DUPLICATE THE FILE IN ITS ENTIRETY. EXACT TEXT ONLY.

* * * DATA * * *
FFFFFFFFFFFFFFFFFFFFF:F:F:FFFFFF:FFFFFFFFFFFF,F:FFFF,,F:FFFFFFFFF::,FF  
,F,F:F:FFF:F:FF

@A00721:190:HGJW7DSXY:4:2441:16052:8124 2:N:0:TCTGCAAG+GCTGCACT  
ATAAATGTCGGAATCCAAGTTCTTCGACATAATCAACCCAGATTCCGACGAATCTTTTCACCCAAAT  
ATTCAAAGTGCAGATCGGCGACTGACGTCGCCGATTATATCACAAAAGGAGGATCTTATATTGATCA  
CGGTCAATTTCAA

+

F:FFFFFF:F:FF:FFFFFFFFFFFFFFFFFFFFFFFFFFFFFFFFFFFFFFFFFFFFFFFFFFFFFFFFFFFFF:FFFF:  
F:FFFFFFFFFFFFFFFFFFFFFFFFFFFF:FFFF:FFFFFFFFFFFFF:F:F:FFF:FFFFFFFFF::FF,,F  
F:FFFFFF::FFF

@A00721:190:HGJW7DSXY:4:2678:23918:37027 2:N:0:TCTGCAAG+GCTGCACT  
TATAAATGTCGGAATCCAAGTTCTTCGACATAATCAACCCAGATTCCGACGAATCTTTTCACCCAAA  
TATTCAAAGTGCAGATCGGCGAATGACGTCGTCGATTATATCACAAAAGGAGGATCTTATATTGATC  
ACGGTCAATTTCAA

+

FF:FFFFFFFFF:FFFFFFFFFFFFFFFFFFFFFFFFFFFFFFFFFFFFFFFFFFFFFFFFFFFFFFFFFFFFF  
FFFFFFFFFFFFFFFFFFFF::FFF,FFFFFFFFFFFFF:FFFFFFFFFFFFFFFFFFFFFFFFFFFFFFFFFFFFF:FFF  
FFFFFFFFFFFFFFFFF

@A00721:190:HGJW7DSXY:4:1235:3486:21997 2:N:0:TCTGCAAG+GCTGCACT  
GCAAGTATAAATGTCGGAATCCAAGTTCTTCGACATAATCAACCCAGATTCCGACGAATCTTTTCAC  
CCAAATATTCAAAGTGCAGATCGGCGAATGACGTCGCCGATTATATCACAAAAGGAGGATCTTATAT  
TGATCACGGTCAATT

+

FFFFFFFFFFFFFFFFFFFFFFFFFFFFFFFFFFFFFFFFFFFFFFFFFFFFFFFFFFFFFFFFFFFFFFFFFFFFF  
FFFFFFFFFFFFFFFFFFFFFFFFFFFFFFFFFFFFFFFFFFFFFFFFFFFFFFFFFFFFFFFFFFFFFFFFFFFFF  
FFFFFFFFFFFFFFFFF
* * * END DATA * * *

FFFFFFFFFFFFFFFFFFFFF:F:F:FFFFFF:FFFFFFFFFFFF,F:FFFF,,F:FFFFFFFFF::,FF  
,F,F:F:FFF:F:FF

@A00721:190:HGJW7DSXY:4:2441:16052:8124 2:N:0:TCTGCAAG+GCTGCACT  
ATAAATGTCGGAATCCAAGTTCTTCGACATAATCAACCCAGATTCCGACGAATCTTTTCACCCAAAT  
ATTCAAAGTGCAGATCGGCGACTGACGTCGCCGATTATATCACAAAAGGAGGATCTTATATTGATCA  
CGGTCAATTTCAA

+

F:FFFFFF:F:FF:FFFFFFFFFFFFFFFFFFFFFFFFFFFFFFFFFFFFFFFFFFFFFFFFFFFFFFFFFFFFF:FFFF:  
F:FFFFFFFFFFFFFFFFFFFFFFFFFFFF:FFFF:FFFFFFFFFFFFF:F:F:FFF:FFFFFFFFF::FF,,F  
F:FFFFFF::FFF

@A00721:190:HGJW7DSXY:4:2678:23918:37027 2:N:0:TCTGCAAG+GCTGCACT  
TATAAATGTCGGAATCCAAGTTCTTCGACATAATCAACCCAGATTCCGACGAATCTTTTCACCCAAA  
TATTCAAAGTGCAGATCGGCGAATGACGTCGTCGATTATATCACAAAAGGAGGATCTTATATTGATC  
ACGGTCAATTTCAA

+

FF:FFFFFFFFF:FFFFFFFFFFFFFFFFFFFFFFFFFFFFFFFFFFFFFFFFFFFFFFFFFFFFFFFFFFFFF  
FFFFFFFFFFFFFFFFFFFF::FFF,FFFFFFFFFFFFF:FFFFFFFFFFFFFFFFFFFFFFFFFFFFFFFFFFFFF:FFF  
FFFFFFFFFFFFFFFFF

@A00721:190:HGJW7DSXY:4:1235:3486:21997 2:N:0:TCTGCAAG+GCTGCACT  
GCAAGTATAAATGTCGGAATCCAAGTTCTTCGACATAATCAACCCAGATTCCGACGAATCTTTTCAC  
CCAAATATTCAAAGTGCAGATCGGCGAATGACGTCGCCGATTATATCACAAAAGGAGGATCTTATAT  
TGATCACGGTCAATT

+

FFFFFFFFFFFFFFFFFFFFFFFFFFFFFFFFFFFFFFFFFFFFFFFFFFFFFFFFFFFFFFFFFFFFFFFFFFFFF  
FFFFFFFFFFFFFFFFFFFFFFFFFFFFFFFFFFFFFFFFFFFFFFFFFFFFFFFFFFFFFFFFFFFFFFFFFFFFF  
FFFFFFFFFFFFFFFFF